Chapter 9: Eros and the New Christian Counterculture


The book is worth reading for this chapter alone. I’ll share a series of quotations, then summarize the author’s suggestions.


“Sex is a divine gift that, if cherished properly, becomes a source of joy, abundance, and flourishing – of the couple and their community. But if we use sex in a disordered way, it can be one of the most destructive forces on earth.”


“Sexual practices are so central to the Christian life that when believers cease to affirm [biblical teaching] on the matter, they often cease to be meaningfully Christian. It was the countercultural force of Christian sexuality that overturned the pagan world’s dehumanizing practices. Christianity taught that the body is sacred and that the dignity possessed by all humans as made in the image of God required treating it as such.”


“Gay marriage and gender ideology signify the final triumph of the Sexual Revolution and the dethroning of Christianity because they deny [the Christian understanding of what it means to be human] at its core and shatter the authority of the Bible.”


Author’s suggestions:


1.      Don’t water-down biblical truth on sexuality in order to attract young people.

2.      Affirm the goodness of sexuality.

3.      Moralism is not enough; teach that sex is part of our submission to & life with God.

4.      Parents must be the primary sex educators.

5.      Love & support unmarried people in the church.

6.      Fight pornography with everything you’ve got. Pornography makes it impossible for men to form normal relationships with women.


Chapter 10: Man and the Machine


Highlights include:


“Online technology, in its various forms, is a phenomenon that by its very nature fragments and scatters our attention like nothing else, radically compromising our ability to make sense of the world, physiologically rewiring our brains and rendering us increasingly helpless against our impulses.”


“We think our many technologies give us more control over our destinies. In fact, they have come to control us.”


“Technology is not morally neutral. [Instead, it] is a worldview that trains us to privilege what is new and innovative over what is old and familiar and to valorize the future uncritically. It destroys tradition because it refuses any limits on its creativity.”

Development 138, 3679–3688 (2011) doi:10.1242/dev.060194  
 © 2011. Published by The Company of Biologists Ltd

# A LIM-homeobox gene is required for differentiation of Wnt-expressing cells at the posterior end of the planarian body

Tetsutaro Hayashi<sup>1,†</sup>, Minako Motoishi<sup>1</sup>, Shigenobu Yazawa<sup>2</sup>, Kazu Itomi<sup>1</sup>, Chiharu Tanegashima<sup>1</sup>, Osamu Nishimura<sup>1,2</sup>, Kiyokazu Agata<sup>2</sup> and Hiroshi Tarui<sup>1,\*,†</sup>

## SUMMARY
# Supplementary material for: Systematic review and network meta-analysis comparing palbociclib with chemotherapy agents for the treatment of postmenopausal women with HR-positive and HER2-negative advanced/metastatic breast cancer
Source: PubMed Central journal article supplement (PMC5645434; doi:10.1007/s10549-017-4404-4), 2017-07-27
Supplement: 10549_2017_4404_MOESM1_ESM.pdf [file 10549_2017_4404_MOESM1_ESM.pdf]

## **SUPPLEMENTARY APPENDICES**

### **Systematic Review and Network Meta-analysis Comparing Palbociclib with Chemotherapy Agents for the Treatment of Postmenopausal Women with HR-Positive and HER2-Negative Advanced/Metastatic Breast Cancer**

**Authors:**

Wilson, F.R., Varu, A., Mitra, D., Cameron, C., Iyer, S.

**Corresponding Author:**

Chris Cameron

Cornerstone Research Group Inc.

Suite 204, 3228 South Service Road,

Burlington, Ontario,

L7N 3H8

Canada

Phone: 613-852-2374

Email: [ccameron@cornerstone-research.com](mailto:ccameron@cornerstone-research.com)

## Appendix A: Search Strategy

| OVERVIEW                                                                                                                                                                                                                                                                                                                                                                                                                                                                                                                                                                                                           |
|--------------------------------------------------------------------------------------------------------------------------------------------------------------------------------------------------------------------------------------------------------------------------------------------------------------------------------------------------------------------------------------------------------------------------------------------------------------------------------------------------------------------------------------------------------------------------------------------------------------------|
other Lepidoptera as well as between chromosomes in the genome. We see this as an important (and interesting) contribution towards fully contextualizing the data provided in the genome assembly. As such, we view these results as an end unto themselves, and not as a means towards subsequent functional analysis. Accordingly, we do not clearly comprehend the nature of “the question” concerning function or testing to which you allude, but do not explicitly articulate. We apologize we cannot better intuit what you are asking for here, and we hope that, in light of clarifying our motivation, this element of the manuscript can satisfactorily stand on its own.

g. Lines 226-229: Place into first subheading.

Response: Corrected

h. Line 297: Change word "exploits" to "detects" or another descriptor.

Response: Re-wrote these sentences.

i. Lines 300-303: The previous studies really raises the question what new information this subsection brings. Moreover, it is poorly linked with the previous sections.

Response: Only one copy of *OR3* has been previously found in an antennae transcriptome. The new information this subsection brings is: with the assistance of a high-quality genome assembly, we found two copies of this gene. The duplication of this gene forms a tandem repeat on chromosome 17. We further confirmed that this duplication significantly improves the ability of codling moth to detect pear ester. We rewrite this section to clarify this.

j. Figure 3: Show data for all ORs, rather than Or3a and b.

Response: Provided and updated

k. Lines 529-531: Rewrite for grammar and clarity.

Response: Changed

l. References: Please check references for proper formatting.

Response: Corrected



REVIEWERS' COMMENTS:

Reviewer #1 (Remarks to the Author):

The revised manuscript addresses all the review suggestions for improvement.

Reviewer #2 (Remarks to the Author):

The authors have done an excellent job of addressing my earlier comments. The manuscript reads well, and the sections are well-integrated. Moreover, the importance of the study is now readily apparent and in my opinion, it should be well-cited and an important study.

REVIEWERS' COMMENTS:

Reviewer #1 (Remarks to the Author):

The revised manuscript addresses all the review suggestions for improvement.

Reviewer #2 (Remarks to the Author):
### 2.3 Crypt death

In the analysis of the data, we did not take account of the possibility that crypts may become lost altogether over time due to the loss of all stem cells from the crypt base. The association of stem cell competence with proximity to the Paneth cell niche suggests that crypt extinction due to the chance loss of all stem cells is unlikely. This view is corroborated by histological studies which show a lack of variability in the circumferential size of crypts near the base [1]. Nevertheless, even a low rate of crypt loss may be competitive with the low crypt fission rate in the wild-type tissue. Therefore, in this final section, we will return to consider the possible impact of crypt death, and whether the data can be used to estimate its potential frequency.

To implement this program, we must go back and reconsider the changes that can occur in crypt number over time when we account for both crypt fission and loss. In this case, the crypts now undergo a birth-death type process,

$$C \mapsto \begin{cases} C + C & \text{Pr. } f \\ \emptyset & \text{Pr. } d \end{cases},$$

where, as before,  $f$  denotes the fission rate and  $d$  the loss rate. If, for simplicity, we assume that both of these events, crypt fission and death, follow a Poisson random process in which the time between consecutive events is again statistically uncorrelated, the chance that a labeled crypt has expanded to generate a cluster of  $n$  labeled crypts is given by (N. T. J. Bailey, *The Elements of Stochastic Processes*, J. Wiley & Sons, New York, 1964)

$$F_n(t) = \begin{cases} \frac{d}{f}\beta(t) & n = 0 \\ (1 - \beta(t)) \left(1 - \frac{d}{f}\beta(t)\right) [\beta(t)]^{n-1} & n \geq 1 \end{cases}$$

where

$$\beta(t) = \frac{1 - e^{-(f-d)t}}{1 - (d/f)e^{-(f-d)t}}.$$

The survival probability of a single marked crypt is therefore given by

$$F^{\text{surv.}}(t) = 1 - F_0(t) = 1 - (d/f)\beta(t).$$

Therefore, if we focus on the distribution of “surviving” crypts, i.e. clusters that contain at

“The most radical, disruptive, and transformative technology ever created is the Internet. At the neurological level, the brain refashions itself to conform to the nonstop randomness of the Internet experience, which conditions us to crave the repetitive jolts that come with novelty. The result of this is a gradual inability to pay attention, to focus, and to think deeply.”


Suggestions for Christians:


1.      Practice digital fasting as an ascetic practice.

2.      Take smartphones away from kids.

3.      Limit the amount of technology used in worship.

4.      Teach children to do things with their hands.

5.      Question progress.


My Conclusion


The book is well-written and thought-provoking. Not everyone will agree with the author’s pessimistic outlook with regard to the American church. Nor will everyone agree with his prescription for what the church needs to do. However, it seems undeniable that our culture is moving very rapidly away from Christian values & beliefs. This makes The Benedict Option an important book.


Note: If you’re not inclined to read Dreher’s book, there’s an excellent 57-minute interview with him conducted by Issues, Etc., a Lutheran organization. You can find the interview either on iTunes or the Issues, Etc. website.



Pastor Dan

The Benedict Option – Part 3

posted May 9, 2017, 11:27 AM by First Baptist


I was asked this past week if I agree with everything in this book.


While I don’t agree with every detail or recommendation, I do agree with the author’s basic premise; namely, that the Church in America is in trouble and some big changes need to be made.


The author is intentionally provocative, especially in the chapter on education. He writes:


“The insidious forces of secular liberalism are steadily robbing us and future generations of our religious beliefs, moral values, and cultural memory, and making us pawns of forces beyond our control. This is why we have to focus tightly and without hesitation on education.”


Unfortunately, according to the author, the educational system on which we depend is deeply flawed and outright dangerous for the young Christian. His analysis goes much deeper than what we typically hear or read.


Here are his key recommendations:


1.      Double-down on teaching children the Bible.


Professors at Christian colleges are shocked at how poorly the typical freshman (at a Christian college!) understands the Bible.


2.      Immerse the young in Christian & Western history.


The deeper our roots in the past, the more secure our anchor against the swift currents of modernity.


3.      Pull your children out of public schools.


The author calls the public school system a “toxic environment.” Get your kids out of there!


4.      Give your children a classical Christian education.


A classical Christian education is one that orders everything around the Logos, Jesus Christ, and the quest to know Him with one’s heart, soul, and mind.


5.      Don’t send your kids to public university.


As many as 90% will – for all intents & purposes – forsake the Christian faith by the time they graduate.


Next week: sex & technology.



Pastor Dan

The Benedict Option – Part 2

posted May 2, 2017, 10:29 AM by First Baptist